Here are some numbers that will make Adrian Peterson smile if former Buccaneers first-round draft pick Josh Freeman does indeed unseat Christian Ponder as the next leading prospect in the Vikings’ ongoing quest to unearth a long-term franchise quarterback:
16.3: The percentage of carries (52 of 319) in which Bucs running back Doug Martin faced eight or more defenders in the box while rushing for 1,454 yards a year ago. That, according to ProFootballFocus.com, ranked 27th in the league among backs with at least 100 carries. Peterson ranked third at 34.5 percent (120 of 348).
1.7: Martin’s average per carry in his first game without Freeman’s big arm as a balancing complement. With Freeman benched and about to be released, Martin rushed for 45 yards on 27 carries in a 13-10 loss to the Cardinals two weeks ago. Rookie quarterback Mike Glennon’s longest pass that day: A 20-yard dump to the fullback that traveled 6 yards in the air.
12: Combined catches for 40 yards or more by Bucs receivers Vincent Jackson and Mike Williams a year ago. Each had six, tying them for second in the league, one behind Cincinnati’s A.J. Green. Jackson led the league in average yards per catch (19.2) despite being only 20th in yards after the catch (398 of 1,384). The Vikings’ entire team had only three catches of at least 40 yards last season.
9: Plays of 60 yards or more for the Bucs a year ago, a franchise record. Seven of them were Freeman deep balls.
57: Completions of 20 yards or more by the Bucs a year ago. The Vikings had 28.
Get the picture?
No, Freeman isn’t the savior all by himself. He’s 24-35 with no playoff appearances since the Bucs picked him 17th overall in 2009. But his strongest strength — the ability to throw the deep ball on time with zip and accuracy — matches the weakest weakness in a Vikings offense screaming out for a consistent deep ball to complement Peterson.
According to ProFootballFocus.com, a league-low 7.5 percent of Ponder’s 2012 passes were thrown at least 20 yards beyond the line of scrimmage. Of those, a league-low 25 percent were completed.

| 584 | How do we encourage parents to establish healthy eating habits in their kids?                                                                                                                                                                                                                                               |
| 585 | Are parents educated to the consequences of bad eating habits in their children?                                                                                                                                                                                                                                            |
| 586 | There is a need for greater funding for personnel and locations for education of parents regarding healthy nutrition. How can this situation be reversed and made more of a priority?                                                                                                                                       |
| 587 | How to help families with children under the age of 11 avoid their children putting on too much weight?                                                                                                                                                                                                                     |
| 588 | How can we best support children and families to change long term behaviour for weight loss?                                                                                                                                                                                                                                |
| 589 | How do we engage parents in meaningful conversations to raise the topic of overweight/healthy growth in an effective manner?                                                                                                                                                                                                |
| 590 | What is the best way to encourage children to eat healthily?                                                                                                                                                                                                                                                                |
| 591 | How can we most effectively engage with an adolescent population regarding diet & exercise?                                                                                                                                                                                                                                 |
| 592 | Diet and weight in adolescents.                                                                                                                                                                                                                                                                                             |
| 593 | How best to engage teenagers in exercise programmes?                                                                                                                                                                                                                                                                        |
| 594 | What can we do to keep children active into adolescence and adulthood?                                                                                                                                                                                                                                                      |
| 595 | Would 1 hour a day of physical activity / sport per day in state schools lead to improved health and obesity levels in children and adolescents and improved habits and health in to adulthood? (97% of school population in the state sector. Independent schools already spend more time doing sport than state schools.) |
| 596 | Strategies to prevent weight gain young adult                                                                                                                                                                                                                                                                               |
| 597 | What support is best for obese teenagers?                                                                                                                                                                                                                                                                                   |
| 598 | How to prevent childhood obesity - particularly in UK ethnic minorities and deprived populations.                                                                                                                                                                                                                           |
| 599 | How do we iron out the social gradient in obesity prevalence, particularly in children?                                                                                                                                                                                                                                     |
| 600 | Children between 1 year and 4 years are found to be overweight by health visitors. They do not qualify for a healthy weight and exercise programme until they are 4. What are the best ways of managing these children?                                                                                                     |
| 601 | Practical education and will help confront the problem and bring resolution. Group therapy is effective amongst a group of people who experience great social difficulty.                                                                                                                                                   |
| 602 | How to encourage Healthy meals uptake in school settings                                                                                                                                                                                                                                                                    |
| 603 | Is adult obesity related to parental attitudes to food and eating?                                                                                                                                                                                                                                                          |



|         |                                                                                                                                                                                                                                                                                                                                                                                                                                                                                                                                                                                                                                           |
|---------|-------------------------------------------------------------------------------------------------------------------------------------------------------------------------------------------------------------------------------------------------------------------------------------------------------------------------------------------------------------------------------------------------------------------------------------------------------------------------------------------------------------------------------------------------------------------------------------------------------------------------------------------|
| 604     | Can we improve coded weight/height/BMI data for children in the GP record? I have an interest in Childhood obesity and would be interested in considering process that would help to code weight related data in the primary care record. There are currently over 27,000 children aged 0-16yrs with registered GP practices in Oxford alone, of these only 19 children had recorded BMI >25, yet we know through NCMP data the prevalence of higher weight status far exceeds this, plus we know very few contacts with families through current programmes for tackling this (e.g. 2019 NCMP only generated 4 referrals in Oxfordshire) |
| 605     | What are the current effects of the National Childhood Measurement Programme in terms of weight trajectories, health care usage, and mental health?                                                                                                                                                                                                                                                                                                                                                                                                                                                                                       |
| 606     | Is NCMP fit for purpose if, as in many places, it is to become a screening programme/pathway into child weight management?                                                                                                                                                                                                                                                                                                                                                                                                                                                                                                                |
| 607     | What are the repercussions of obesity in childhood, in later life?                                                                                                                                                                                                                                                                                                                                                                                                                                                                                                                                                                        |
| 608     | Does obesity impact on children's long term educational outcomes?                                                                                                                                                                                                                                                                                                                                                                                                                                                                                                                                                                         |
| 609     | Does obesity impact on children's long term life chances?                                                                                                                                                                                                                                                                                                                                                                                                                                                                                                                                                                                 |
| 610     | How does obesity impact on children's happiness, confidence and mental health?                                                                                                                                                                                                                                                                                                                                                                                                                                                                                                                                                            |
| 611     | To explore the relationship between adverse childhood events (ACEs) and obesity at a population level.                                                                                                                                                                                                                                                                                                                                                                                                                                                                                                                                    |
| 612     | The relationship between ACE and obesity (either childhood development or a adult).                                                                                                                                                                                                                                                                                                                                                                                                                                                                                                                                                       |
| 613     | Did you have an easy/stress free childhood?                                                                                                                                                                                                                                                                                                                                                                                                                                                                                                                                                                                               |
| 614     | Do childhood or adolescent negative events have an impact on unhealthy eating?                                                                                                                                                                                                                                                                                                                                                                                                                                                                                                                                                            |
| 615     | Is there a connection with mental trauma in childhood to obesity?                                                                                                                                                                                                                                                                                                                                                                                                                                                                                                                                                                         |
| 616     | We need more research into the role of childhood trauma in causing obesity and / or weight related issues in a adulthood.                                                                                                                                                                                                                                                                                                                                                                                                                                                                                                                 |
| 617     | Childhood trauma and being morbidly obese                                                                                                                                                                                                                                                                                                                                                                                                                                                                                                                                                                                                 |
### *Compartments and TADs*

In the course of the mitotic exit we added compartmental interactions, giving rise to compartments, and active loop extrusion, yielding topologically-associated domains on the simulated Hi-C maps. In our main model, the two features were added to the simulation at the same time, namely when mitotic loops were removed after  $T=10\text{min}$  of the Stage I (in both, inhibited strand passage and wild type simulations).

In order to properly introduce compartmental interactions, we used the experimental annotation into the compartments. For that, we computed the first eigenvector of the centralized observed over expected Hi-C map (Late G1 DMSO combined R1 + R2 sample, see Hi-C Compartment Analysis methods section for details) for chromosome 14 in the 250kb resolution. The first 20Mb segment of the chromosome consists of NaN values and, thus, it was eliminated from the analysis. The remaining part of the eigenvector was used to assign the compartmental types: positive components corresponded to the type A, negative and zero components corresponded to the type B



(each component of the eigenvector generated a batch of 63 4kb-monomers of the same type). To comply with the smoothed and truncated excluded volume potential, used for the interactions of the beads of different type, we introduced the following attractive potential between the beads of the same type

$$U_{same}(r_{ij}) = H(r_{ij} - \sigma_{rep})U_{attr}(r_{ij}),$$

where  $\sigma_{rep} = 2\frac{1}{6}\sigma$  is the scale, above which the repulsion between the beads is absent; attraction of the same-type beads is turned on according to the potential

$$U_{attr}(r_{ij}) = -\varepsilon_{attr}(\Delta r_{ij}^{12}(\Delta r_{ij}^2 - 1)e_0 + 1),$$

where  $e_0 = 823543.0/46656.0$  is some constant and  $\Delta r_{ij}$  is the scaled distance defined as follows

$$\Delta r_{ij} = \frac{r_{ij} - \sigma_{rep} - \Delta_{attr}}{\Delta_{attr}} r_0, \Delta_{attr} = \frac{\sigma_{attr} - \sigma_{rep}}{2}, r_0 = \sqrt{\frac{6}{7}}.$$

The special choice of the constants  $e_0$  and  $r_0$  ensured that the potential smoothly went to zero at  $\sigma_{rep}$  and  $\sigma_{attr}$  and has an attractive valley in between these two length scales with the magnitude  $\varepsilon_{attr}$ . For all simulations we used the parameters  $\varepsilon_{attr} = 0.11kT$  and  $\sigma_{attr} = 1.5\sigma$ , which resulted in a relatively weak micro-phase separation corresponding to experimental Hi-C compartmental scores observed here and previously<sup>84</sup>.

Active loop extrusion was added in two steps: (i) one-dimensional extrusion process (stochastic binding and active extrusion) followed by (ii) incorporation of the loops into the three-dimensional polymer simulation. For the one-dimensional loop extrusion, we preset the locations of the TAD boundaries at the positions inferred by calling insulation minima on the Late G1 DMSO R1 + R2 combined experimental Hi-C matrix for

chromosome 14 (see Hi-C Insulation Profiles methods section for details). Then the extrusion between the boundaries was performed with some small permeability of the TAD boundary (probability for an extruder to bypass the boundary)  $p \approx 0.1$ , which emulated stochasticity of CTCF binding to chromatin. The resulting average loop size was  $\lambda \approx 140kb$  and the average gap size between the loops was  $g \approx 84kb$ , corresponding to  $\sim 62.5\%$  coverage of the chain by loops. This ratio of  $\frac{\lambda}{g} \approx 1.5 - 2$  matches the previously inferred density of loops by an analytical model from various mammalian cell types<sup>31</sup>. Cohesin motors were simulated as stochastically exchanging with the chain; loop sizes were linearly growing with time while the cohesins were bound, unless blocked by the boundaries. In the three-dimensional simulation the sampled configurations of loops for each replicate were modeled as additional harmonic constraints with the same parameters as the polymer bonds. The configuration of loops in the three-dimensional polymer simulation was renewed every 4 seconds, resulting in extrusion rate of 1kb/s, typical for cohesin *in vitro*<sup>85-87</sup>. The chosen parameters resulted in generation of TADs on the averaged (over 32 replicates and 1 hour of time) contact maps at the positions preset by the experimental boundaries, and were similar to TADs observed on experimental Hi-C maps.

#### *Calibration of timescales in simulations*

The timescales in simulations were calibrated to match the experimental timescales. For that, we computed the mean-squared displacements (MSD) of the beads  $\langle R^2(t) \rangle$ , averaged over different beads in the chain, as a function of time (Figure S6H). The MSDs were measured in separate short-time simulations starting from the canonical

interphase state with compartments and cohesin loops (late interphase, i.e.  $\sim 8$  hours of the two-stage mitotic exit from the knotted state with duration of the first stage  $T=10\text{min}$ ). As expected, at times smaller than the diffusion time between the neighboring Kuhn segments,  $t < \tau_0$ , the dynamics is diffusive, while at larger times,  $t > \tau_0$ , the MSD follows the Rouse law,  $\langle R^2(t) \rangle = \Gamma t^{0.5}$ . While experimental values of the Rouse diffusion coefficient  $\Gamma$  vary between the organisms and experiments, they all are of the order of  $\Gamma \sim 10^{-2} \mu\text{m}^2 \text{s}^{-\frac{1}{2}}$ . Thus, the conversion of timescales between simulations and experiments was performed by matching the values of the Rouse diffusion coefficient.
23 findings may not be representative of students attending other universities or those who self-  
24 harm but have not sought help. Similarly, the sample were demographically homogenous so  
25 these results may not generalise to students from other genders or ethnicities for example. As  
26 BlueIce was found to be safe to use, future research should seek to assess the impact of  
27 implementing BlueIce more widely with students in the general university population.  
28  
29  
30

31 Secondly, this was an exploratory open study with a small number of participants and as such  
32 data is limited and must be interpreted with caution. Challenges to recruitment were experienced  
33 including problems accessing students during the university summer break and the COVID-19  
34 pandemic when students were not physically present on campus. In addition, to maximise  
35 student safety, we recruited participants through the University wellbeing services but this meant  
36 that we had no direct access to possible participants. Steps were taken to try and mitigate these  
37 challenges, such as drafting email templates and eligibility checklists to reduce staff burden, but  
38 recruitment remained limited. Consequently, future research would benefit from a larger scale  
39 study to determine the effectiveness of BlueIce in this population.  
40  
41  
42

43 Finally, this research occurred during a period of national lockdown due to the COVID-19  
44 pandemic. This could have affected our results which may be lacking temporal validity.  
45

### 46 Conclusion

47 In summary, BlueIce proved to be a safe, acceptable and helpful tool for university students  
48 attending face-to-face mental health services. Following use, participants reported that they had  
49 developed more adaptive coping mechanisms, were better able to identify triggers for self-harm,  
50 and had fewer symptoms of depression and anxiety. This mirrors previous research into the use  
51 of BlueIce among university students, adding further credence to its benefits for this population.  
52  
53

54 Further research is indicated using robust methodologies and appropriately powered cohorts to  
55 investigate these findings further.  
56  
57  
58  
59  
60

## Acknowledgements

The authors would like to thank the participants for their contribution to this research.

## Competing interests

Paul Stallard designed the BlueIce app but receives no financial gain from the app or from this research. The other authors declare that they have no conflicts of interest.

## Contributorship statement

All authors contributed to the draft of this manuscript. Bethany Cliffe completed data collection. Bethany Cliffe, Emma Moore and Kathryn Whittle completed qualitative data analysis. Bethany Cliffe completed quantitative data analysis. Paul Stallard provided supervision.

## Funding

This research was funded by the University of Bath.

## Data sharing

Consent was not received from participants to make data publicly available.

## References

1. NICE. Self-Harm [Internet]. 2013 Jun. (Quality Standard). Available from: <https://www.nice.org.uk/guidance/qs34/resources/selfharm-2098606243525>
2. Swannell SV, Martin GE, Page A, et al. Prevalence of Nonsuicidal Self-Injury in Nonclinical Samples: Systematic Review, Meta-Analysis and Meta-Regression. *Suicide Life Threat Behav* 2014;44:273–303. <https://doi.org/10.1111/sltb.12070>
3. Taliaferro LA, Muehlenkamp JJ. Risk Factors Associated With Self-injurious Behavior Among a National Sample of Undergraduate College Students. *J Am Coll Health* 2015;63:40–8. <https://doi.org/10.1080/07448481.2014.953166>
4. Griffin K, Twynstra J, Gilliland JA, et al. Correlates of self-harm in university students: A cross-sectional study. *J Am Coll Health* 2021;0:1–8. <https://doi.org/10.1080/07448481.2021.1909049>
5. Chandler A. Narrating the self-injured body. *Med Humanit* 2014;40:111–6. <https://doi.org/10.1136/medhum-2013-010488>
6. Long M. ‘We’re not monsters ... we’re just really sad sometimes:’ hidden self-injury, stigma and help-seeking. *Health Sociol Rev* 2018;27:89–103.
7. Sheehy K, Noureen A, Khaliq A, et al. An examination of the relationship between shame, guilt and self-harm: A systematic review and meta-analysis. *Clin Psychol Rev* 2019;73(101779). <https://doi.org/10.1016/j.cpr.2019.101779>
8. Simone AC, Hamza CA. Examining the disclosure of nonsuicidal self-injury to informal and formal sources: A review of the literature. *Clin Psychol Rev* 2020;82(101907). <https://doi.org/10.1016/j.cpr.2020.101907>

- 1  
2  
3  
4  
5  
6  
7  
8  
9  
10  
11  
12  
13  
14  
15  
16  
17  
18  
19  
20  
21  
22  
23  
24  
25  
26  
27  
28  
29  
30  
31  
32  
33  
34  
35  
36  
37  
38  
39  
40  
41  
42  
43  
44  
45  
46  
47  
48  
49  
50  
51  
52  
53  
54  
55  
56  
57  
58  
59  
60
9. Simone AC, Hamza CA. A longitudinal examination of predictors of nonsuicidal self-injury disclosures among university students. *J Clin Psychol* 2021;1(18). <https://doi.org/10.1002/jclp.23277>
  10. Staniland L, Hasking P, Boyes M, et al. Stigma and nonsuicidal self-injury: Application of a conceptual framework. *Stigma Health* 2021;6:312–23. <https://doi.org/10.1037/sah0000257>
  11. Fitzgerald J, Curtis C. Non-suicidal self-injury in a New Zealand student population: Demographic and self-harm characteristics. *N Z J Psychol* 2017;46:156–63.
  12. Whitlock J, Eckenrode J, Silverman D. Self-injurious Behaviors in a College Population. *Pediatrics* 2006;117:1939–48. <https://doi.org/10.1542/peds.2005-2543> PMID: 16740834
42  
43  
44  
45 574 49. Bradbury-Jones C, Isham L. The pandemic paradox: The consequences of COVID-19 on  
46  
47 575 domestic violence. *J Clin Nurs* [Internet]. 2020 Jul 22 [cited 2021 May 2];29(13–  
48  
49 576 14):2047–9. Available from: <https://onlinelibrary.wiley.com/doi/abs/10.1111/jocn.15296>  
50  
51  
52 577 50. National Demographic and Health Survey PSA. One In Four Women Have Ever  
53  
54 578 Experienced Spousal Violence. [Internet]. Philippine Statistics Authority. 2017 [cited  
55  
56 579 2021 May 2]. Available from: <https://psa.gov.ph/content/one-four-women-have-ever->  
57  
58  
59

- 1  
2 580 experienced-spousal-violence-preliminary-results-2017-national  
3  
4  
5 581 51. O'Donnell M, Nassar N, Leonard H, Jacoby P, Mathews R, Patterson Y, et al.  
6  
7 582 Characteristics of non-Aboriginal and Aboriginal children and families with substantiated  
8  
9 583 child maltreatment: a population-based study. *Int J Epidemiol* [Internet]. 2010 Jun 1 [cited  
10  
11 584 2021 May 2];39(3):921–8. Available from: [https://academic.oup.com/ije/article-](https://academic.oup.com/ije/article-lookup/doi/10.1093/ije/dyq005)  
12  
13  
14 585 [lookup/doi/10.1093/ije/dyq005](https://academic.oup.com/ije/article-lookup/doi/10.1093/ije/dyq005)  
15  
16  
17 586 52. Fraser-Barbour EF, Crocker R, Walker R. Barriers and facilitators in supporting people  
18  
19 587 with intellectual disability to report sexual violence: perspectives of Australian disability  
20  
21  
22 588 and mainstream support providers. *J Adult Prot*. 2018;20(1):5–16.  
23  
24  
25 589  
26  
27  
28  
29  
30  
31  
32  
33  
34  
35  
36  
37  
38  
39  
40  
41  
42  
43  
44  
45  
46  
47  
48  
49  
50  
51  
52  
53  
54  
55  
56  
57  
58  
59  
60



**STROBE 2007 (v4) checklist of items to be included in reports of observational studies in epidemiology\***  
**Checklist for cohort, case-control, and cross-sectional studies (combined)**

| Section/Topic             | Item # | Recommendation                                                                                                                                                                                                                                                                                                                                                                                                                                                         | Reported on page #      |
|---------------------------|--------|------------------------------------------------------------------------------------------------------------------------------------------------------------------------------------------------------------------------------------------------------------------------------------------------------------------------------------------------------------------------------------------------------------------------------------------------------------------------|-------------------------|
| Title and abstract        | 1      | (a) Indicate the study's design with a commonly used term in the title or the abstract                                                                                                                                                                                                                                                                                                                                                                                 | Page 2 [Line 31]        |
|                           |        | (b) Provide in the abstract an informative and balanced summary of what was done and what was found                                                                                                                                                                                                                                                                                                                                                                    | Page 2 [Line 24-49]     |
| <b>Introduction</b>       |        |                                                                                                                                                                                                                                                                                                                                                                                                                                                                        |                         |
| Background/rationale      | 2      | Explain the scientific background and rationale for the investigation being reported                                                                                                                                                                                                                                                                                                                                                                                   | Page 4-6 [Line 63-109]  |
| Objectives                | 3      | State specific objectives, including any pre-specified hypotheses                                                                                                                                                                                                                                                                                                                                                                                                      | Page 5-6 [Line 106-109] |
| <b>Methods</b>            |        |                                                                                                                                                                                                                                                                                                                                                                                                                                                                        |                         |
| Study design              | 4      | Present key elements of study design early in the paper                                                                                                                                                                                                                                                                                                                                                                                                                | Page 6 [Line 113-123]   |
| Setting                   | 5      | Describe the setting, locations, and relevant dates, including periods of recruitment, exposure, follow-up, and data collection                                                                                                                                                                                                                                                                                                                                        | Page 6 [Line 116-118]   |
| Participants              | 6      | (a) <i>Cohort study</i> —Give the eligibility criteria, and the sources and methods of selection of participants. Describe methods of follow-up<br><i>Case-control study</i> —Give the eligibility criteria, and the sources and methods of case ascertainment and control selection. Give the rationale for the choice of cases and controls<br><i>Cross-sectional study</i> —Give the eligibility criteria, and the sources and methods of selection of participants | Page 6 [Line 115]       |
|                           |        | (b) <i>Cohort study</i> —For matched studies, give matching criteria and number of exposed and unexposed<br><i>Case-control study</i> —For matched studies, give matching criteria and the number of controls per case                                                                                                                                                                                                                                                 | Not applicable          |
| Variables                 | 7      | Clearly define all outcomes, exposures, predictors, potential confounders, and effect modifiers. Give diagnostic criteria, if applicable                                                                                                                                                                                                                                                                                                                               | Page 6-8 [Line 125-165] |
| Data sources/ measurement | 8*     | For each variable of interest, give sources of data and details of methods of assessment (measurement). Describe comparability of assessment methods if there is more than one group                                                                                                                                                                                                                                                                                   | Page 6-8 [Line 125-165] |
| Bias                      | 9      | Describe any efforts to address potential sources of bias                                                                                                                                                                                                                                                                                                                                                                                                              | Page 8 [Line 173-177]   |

Obviously, there were other variables besides Ponder in those numbers. But the Vikings believe Freeman’s bigger stature [6-6, 240], ability to extend plays and stronger arm will help overcome other deficiencies when it’s time to stretch the field.
Freeman isn’t known as the most gifted reader of defenses. He struggles with check-down passes and touch on intermediate throws. But give him a deep out off play-action to Peterson and chances are good the ball won’t be late and won’t have too much air under it.
Freeman’s career completion percentage is only 58.2 percent. But he completed 62.8 percent in his last year in a West Coast scheme (2011) before coach Greg Schiano arrived with an offense that put more emphasis on the deep ball.
Freeman was completing only 45.7 percent this year, but, like all quarterbacks, it wasn’t entirely his fault. He had two touchdown passes dropped by receivers, including a 38-yarder, in the 23-3 loss to the Patriots in Week 3.
“I think he is very talented as a passer,” Vikings General Manager Rick Spielman said. “I watched all his college tape. I watched probably 40 games this weekend on him.
‘‘I watched him live twice, what he did to us in the Metrodome [three touchdowns, no interceptions in a 36-17 upset a year ago] and what he did to us a few years ago when we played him. I know that he is a big quarterback with a strong arm that can do a lot of good things at all levels of the field.”
And if Freeman doesn’t pan out? The Vikings have nothing to lose but $3 million of owner Zygi Wilf’s money. It didn’t cost the Vikings any draft pick to take a three-month look at a former first-round draft pick who is only 25, 43 days older than Ponder.
Meanwhile, in Tampa Bay, the pressure is on Schiano to prove Glennon is the long-term answer. Otherwise, based on what might happen in Minnesota, Schiano could be remembered as a coach who let emotion affect his decision-making process at the game’s most important position.
Asked what his 0-4 team was trying to improve on coming out of last week’s bye, Schiano told reporters, “I think throwing the ball down the field some more.”